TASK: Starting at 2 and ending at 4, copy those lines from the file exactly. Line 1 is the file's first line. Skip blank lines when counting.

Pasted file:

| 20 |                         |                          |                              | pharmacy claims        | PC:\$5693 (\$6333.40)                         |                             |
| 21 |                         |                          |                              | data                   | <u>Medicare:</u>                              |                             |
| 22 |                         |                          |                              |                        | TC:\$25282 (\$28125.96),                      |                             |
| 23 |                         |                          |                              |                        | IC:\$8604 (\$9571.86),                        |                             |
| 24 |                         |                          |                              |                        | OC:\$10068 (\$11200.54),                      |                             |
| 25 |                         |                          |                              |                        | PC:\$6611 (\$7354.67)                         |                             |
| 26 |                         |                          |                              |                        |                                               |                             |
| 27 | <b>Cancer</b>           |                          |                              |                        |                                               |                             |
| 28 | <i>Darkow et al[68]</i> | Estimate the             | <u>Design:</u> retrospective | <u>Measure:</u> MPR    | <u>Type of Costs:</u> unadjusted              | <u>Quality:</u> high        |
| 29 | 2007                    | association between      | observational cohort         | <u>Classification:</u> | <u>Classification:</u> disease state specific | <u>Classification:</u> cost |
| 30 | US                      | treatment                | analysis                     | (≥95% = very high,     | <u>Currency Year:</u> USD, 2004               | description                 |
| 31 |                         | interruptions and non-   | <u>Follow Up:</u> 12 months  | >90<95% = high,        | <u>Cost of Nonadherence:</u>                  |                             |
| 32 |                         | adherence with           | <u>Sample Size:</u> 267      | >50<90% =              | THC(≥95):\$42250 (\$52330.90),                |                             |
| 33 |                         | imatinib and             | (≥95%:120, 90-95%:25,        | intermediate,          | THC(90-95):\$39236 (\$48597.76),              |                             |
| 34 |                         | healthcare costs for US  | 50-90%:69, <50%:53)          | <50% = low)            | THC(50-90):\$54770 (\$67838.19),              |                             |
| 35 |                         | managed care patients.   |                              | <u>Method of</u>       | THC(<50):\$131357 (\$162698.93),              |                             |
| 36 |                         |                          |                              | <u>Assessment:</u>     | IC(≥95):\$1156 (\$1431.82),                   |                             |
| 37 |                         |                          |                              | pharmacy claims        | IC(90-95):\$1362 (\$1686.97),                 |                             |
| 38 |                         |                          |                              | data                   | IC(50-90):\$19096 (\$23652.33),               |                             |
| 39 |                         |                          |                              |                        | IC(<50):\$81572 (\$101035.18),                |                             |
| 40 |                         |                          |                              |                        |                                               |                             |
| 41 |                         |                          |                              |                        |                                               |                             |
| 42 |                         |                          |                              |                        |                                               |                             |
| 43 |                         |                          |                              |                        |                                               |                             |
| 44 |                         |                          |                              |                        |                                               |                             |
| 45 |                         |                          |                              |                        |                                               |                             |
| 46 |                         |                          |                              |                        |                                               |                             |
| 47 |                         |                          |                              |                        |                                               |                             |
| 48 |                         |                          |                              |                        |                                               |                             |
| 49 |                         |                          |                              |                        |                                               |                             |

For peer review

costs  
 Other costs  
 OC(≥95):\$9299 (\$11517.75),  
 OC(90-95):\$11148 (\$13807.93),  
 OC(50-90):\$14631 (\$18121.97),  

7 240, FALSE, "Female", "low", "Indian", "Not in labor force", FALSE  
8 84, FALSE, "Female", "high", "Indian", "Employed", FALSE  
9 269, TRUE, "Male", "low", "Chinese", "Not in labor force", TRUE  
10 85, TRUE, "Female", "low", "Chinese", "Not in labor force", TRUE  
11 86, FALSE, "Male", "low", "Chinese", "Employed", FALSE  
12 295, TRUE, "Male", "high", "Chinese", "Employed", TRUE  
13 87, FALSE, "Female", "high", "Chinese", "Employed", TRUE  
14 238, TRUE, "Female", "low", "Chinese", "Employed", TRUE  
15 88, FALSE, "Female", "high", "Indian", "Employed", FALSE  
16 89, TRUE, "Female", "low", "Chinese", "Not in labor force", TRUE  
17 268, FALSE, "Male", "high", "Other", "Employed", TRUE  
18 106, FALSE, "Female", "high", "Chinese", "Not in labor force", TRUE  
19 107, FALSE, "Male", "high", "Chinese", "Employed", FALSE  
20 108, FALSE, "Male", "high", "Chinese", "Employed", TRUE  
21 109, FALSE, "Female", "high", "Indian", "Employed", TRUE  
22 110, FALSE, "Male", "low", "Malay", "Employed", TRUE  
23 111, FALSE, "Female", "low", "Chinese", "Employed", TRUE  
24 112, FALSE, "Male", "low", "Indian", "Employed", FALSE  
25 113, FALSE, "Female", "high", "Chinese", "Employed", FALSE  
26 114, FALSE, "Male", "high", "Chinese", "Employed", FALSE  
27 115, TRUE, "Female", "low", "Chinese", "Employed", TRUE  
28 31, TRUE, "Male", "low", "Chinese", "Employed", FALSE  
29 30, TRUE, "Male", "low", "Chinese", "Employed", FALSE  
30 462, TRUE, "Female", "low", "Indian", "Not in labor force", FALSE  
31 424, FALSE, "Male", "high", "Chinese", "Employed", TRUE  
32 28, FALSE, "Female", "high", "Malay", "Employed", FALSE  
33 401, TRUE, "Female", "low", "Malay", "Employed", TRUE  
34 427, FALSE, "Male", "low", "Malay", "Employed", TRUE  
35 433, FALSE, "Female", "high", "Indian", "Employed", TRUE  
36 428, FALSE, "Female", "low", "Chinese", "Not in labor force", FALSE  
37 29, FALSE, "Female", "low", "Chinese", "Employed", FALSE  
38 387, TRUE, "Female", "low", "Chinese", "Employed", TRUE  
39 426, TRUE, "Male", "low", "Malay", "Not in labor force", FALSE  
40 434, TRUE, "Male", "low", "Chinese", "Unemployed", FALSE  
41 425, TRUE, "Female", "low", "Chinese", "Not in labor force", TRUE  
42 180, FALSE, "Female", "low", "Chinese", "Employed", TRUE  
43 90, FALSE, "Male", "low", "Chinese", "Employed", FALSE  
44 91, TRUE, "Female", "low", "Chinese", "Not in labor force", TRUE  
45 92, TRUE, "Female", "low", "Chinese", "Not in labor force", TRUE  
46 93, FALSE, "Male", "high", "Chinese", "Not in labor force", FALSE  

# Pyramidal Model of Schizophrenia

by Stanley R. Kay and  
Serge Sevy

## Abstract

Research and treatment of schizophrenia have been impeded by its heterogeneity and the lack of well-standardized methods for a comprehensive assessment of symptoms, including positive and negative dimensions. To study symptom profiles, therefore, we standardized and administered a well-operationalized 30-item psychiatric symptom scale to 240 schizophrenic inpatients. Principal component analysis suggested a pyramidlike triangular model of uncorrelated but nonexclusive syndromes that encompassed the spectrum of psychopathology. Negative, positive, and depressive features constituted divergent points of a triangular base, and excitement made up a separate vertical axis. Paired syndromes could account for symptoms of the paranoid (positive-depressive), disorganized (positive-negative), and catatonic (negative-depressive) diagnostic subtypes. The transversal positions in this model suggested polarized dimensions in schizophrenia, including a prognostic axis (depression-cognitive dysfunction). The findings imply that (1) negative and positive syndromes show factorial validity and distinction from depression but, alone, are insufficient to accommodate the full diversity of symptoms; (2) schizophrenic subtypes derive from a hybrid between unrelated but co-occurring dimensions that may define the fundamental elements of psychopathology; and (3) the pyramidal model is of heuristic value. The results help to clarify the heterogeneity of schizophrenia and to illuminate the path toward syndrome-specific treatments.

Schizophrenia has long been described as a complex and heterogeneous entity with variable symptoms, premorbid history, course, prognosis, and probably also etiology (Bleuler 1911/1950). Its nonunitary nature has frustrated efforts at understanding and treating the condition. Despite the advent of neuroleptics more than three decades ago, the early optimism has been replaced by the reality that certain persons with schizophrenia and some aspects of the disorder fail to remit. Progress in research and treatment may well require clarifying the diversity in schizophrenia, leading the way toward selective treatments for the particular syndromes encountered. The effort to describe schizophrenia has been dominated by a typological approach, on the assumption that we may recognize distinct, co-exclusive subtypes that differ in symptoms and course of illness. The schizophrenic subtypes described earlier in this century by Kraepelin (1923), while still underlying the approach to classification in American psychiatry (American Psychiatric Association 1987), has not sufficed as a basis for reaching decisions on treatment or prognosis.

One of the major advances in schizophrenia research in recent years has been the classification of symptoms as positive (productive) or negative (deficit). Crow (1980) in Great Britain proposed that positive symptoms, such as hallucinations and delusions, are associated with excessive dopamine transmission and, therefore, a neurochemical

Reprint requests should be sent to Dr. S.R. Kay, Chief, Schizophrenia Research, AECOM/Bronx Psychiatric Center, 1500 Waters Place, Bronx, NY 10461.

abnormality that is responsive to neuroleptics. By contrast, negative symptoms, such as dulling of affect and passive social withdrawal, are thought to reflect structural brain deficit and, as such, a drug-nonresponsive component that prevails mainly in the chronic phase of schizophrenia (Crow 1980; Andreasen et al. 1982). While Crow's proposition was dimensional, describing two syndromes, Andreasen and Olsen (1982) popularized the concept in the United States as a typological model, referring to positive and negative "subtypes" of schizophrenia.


| 21 |                         |                          |                              | data                   | <u>Medicare:</u>                              |                             |
| 22 |                         |                          |                              |                        | TC:\$25282 (\$28125.96),                      |                             |
| 23 |                         |                          |                              |                        | IC:\$8604 (\$9571.86),                        |                             |